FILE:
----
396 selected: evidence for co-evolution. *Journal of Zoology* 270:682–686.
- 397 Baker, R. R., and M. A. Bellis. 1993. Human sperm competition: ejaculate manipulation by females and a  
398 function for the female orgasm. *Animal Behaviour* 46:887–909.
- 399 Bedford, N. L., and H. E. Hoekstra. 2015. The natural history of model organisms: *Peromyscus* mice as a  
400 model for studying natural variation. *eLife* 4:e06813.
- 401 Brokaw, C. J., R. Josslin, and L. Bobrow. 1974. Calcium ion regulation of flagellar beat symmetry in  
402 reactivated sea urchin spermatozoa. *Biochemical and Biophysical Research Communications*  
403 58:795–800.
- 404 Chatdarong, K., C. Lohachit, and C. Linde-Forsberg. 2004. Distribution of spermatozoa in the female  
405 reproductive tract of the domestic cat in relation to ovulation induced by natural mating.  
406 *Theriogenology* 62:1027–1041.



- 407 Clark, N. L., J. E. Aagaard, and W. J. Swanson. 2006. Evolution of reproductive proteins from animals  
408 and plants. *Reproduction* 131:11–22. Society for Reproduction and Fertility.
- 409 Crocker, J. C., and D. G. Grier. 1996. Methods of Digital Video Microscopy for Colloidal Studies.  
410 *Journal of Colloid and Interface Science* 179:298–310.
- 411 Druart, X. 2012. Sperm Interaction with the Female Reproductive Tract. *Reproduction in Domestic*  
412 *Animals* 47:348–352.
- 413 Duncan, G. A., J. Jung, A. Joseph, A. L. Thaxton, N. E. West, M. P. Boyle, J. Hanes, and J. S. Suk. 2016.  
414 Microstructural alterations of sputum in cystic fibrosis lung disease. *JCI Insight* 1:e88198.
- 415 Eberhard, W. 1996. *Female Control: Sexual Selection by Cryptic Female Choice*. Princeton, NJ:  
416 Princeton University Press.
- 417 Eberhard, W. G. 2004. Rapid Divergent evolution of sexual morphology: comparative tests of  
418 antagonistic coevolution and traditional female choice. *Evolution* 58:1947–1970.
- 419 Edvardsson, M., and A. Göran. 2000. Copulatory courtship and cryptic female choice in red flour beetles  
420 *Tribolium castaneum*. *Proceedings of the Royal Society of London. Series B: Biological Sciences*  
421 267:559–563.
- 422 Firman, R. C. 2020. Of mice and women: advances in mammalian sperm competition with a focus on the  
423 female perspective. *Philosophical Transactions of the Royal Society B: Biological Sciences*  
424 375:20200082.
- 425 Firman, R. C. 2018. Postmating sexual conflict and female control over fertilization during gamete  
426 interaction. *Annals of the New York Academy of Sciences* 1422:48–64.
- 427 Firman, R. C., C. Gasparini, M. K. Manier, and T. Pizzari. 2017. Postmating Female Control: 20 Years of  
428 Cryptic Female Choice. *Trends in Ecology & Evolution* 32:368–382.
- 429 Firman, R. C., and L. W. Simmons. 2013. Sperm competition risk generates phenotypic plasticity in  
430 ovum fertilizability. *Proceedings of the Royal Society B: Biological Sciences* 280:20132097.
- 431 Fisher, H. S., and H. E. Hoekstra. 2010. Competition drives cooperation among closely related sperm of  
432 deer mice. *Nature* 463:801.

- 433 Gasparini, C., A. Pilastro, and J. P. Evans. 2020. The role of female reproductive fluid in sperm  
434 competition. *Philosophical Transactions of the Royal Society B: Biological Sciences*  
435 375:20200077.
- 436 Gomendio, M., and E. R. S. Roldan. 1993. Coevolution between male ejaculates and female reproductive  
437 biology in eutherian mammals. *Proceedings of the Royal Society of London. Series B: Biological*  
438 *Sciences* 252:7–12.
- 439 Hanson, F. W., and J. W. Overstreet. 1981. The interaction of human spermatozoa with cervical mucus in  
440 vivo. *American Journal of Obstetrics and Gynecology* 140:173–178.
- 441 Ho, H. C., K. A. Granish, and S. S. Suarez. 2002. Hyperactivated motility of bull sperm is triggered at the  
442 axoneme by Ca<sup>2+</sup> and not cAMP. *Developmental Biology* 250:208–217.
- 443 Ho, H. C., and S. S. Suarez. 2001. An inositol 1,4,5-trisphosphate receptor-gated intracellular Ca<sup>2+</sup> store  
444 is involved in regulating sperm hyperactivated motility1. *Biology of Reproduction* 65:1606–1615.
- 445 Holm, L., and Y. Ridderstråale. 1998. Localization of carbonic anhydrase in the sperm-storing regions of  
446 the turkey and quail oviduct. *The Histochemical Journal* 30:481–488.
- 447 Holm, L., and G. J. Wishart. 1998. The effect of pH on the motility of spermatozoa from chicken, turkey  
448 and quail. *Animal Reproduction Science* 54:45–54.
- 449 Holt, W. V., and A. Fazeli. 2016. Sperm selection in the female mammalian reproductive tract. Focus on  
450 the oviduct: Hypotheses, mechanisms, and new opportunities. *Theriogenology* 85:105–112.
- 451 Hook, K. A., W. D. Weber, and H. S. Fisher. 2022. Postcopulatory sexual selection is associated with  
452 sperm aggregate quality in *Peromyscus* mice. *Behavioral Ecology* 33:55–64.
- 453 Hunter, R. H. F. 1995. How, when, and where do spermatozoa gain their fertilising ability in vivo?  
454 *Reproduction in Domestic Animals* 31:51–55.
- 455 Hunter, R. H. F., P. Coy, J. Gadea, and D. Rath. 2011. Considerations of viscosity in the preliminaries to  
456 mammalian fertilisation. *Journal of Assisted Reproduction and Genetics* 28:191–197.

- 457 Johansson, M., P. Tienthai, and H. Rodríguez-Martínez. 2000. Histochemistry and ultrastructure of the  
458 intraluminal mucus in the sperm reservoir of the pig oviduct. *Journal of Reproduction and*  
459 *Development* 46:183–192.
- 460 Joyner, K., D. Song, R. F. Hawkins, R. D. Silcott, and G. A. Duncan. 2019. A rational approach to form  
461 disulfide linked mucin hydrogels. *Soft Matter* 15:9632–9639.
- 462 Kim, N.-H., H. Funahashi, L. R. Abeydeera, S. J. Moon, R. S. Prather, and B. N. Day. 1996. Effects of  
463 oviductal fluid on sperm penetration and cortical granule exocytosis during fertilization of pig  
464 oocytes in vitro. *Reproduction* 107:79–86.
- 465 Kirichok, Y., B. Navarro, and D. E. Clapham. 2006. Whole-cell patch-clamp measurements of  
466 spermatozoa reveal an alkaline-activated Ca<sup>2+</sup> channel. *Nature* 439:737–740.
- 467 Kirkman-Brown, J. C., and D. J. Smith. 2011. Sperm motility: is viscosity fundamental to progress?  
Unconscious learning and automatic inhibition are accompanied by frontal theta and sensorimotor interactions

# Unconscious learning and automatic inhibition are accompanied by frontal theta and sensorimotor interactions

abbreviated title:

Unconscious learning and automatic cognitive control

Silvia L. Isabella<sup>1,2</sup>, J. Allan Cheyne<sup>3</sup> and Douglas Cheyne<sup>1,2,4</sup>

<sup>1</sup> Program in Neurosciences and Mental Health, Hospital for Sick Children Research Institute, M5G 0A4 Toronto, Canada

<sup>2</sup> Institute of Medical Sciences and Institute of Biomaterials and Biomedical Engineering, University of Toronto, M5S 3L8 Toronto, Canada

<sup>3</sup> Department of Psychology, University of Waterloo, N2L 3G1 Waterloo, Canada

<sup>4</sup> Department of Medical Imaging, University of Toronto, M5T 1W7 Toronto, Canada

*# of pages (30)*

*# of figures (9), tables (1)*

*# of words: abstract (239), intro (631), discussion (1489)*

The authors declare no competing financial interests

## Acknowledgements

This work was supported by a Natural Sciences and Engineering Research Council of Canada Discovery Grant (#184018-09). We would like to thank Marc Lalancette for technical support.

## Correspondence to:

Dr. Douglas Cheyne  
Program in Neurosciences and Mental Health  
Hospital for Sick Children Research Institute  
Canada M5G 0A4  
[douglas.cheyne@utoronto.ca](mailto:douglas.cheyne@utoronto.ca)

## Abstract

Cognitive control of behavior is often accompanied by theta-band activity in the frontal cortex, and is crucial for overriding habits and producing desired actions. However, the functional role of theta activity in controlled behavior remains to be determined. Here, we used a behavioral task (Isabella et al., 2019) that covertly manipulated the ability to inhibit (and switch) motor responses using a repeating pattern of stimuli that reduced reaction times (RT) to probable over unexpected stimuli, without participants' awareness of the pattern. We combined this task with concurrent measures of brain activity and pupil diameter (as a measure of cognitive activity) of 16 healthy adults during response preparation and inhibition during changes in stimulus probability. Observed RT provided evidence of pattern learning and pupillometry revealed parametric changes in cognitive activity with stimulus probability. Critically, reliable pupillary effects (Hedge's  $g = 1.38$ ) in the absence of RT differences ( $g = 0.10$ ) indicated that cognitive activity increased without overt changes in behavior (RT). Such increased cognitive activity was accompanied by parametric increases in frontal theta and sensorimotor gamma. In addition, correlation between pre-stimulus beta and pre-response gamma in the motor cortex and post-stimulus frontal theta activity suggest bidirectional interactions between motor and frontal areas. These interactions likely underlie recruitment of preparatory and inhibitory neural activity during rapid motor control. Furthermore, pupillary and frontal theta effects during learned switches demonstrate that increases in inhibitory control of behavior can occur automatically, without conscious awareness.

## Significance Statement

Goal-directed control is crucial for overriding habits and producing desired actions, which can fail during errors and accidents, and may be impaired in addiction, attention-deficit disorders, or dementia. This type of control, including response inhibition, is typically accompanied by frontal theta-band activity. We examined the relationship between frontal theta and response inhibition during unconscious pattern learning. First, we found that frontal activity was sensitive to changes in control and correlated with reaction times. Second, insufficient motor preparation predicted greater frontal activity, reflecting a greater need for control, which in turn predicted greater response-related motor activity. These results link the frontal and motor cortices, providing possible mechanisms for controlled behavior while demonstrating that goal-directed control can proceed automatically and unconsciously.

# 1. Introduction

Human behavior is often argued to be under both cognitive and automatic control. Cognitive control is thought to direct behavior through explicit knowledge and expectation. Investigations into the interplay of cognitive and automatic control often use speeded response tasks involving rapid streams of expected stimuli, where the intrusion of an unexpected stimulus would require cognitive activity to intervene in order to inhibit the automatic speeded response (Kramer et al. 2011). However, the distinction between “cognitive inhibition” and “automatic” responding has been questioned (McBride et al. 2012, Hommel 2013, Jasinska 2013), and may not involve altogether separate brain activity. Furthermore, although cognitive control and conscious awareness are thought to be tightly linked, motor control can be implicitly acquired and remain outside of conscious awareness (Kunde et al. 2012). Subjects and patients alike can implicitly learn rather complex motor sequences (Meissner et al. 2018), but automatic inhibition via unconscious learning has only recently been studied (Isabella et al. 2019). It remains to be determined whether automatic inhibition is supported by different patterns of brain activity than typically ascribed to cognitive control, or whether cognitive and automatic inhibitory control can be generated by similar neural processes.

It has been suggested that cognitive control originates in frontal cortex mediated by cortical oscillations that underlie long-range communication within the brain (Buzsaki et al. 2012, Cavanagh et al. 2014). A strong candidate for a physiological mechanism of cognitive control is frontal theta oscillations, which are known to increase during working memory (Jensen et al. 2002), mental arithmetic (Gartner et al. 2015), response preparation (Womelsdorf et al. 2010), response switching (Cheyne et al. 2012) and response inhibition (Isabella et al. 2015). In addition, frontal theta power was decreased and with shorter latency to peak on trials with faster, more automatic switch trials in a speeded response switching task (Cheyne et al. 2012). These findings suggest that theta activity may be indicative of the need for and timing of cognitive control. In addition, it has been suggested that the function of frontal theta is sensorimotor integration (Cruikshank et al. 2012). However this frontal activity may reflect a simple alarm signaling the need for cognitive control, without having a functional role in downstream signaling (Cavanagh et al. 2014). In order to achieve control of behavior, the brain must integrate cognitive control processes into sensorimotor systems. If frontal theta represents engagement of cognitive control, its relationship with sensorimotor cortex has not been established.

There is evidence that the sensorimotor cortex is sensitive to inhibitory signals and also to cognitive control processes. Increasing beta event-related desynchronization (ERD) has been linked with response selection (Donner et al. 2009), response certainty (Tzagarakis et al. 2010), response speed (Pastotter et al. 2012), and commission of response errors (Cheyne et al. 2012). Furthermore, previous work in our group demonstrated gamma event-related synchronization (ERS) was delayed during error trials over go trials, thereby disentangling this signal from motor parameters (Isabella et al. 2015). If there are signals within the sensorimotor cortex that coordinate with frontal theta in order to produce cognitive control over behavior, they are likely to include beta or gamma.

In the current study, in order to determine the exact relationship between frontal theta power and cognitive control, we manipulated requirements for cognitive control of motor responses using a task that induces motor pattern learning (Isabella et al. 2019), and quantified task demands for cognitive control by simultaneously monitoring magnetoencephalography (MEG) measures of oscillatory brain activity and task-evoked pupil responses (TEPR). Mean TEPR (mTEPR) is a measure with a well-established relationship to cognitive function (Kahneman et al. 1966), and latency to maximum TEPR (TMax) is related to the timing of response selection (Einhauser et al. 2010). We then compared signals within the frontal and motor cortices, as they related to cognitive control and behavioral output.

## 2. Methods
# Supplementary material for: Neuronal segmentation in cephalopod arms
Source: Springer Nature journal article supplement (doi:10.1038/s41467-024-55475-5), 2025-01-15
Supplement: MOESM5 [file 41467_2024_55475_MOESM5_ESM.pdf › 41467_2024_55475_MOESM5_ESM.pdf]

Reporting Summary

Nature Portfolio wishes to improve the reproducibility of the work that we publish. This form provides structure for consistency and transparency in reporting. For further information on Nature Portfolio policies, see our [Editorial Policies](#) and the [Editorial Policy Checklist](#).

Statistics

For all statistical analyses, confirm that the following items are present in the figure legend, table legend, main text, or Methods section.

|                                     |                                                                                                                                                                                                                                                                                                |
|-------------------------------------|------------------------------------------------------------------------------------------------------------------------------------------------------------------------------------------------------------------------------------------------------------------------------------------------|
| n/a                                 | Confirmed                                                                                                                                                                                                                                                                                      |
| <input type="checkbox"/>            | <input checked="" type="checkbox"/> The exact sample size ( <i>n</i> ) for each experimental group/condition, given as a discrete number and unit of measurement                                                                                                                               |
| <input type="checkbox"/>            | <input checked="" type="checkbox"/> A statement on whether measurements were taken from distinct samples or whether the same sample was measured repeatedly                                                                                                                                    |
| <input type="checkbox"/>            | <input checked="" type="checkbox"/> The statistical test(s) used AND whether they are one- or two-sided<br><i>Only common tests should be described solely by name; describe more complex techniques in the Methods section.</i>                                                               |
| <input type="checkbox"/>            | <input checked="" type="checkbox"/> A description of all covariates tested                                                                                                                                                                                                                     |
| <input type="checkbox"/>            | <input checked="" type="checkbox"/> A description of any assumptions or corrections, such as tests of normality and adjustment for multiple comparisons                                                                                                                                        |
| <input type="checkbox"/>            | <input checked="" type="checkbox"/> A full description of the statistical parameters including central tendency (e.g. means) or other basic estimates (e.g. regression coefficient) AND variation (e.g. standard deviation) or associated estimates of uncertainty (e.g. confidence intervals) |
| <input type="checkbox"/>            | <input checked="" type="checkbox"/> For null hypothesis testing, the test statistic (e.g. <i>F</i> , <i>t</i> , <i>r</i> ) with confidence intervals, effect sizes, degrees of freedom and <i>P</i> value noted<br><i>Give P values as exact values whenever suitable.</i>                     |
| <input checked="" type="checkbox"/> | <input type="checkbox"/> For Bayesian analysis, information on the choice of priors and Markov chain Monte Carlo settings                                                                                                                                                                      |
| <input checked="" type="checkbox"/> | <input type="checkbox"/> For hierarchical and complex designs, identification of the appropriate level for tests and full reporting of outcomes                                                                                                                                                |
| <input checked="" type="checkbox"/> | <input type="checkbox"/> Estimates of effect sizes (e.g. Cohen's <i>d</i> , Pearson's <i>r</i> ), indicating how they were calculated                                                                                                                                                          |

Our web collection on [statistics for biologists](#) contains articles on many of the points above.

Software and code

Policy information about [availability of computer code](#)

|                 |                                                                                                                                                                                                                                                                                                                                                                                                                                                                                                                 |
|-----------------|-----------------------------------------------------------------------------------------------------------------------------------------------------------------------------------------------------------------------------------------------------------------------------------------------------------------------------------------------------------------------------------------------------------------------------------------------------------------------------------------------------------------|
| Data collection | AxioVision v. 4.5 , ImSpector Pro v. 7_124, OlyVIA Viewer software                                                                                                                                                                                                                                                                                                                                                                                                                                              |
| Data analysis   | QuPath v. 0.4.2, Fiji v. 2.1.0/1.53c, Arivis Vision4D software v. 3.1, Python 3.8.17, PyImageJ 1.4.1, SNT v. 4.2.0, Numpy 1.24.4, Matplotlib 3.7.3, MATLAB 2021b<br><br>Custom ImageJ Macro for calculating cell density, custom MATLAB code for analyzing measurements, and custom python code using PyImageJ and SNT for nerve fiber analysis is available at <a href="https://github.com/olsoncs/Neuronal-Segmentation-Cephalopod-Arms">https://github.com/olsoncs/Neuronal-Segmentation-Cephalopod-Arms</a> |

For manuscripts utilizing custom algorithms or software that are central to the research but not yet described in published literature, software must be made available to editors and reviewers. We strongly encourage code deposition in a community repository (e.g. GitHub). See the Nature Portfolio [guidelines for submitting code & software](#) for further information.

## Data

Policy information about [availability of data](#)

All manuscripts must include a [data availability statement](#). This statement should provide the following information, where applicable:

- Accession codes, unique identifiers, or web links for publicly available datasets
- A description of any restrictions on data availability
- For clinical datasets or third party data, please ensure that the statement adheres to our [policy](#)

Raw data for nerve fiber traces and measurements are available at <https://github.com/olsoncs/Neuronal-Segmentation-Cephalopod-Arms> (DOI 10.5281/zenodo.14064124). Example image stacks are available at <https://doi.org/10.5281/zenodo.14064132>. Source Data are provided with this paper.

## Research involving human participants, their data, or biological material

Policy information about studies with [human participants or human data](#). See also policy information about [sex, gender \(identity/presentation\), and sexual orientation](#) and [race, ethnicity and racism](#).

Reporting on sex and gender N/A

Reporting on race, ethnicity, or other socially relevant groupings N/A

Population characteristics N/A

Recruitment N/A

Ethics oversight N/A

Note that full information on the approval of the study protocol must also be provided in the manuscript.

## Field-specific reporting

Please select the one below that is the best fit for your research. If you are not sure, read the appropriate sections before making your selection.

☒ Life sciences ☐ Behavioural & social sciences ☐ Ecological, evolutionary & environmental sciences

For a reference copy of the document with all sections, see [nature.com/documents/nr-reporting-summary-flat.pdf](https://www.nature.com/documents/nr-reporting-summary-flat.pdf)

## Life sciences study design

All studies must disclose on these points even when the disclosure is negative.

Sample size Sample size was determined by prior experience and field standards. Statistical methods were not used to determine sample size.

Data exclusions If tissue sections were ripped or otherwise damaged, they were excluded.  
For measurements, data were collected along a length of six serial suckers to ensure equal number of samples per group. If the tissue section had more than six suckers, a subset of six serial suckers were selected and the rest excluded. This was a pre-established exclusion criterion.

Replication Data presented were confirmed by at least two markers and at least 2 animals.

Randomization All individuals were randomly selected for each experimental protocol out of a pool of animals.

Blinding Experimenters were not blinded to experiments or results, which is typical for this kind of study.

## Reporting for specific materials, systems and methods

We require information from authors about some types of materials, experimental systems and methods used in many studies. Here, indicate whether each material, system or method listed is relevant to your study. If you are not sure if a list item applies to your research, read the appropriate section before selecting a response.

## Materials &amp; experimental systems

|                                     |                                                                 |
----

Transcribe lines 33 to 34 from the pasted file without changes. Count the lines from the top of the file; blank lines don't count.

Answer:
428 Cryptic Female Choice. *Trends in Ecology & Evolution* 32:368–382.
- 429 Firman, R. C., and L. W. Simmons. 2013. Sperm competition risk generates phenotypic plasticity in  